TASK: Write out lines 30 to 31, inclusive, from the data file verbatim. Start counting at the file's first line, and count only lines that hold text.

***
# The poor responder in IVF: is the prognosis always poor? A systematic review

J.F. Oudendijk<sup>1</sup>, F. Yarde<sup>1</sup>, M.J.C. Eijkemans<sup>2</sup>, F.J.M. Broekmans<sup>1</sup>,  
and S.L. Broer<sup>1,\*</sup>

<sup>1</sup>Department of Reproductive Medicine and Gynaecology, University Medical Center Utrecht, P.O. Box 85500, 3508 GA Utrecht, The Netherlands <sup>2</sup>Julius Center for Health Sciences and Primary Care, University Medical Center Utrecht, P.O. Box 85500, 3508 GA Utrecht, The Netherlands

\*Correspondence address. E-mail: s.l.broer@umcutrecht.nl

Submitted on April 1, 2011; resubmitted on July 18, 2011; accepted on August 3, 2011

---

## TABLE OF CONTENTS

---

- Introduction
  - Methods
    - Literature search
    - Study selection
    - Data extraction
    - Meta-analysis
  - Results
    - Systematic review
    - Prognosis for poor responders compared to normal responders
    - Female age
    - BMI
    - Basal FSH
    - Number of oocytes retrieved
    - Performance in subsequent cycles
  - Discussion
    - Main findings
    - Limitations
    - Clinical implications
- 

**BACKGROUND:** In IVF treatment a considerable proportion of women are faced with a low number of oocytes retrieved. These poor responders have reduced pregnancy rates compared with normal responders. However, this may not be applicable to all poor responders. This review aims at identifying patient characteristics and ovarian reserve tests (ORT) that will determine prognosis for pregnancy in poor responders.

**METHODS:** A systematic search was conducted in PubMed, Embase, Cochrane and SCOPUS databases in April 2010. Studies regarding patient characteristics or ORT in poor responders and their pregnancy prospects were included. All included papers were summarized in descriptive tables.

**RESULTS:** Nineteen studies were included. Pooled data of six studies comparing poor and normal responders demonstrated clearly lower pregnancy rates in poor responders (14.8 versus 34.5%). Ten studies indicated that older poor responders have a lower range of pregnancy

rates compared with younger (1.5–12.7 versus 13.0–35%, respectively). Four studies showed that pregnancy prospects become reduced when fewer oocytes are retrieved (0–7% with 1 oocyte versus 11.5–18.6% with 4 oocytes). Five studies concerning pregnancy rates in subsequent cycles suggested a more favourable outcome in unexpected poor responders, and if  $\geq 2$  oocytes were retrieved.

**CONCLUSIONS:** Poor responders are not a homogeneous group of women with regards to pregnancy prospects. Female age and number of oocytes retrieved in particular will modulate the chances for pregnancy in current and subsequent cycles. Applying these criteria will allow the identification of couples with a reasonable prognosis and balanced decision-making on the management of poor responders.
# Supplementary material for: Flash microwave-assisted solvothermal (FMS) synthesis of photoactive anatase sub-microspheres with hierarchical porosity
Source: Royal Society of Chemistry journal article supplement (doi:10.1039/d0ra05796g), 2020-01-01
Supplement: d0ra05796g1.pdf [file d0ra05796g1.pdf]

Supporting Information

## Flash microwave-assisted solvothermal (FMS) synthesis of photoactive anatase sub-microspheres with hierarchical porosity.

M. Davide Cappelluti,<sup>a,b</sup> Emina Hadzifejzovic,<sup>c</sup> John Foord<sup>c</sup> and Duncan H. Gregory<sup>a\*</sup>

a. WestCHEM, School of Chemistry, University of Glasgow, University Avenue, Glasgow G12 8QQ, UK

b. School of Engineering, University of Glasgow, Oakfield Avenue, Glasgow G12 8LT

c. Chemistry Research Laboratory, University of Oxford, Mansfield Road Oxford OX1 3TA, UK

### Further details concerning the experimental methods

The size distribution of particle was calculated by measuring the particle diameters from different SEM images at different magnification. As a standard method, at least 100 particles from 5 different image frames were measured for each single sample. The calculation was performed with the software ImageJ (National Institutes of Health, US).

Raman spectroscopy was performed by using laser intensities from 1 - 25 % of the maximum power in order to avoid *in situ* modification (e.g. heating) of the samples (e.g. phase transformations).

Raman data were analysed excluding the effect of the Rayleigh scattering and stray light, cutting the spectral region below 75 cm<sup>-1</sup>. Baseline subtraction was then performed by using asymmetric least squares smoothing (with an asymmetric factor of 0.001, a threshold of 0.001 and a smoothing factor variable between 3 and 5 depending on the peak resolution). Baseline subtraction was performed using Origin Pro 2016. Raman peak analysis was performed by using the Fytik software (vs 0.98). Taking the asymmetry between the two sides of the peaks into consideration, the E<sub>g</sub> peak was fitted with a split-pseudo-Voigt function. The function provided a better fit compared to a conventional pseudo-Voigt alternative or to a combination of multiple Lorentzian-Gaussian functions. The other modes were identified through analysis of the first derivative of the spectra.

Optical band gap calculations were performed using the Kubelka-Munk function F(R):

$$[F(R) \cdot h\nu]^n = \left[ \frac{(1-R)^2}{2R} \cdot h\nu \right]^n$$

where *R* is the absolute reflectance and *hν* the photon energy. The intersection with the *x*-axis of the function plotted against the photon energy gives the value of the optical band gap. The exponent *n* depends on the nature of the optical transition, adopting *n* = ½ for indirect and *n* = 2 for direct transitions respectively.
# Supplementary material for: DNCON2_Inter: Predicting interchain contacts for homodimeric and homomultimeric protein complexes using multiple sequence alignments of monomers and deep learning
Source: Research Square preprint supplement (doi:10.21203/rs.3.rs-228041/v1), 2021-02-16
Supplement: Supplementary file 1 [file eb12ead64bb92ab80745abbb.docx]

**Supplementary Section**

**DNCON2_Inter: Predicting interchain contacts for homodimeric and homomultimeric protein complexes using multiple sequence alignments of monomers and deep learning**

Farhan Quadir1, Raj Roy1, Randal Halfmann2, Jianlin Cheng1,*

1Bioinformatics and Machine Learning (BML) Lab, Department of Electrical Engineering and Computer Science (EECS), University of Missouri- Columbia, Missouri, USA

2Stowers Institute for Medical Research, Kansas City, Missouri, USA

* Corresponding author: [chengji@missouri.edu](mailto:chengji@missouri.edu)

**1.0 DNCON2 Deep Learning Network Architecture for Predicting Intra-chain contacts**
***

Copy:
**METHODS:** A systematic search was conducted in PubMed, Embase, Cochrane and SCOPUS databases in April 2010. Studies regarding patient characteristics or ORT in poor responders and their pregnancy prospects were included. All included papers were summarized in descriptive tables.

**RESULTS:** Nineteen studies were included. Pooled data of six studies comparing poor and normal responders demonstrated clearly lower pregnancy rates in poor responders (14.8 versus 34.5%). Ten studies indicated that older poor responders have a lower range of pregnancy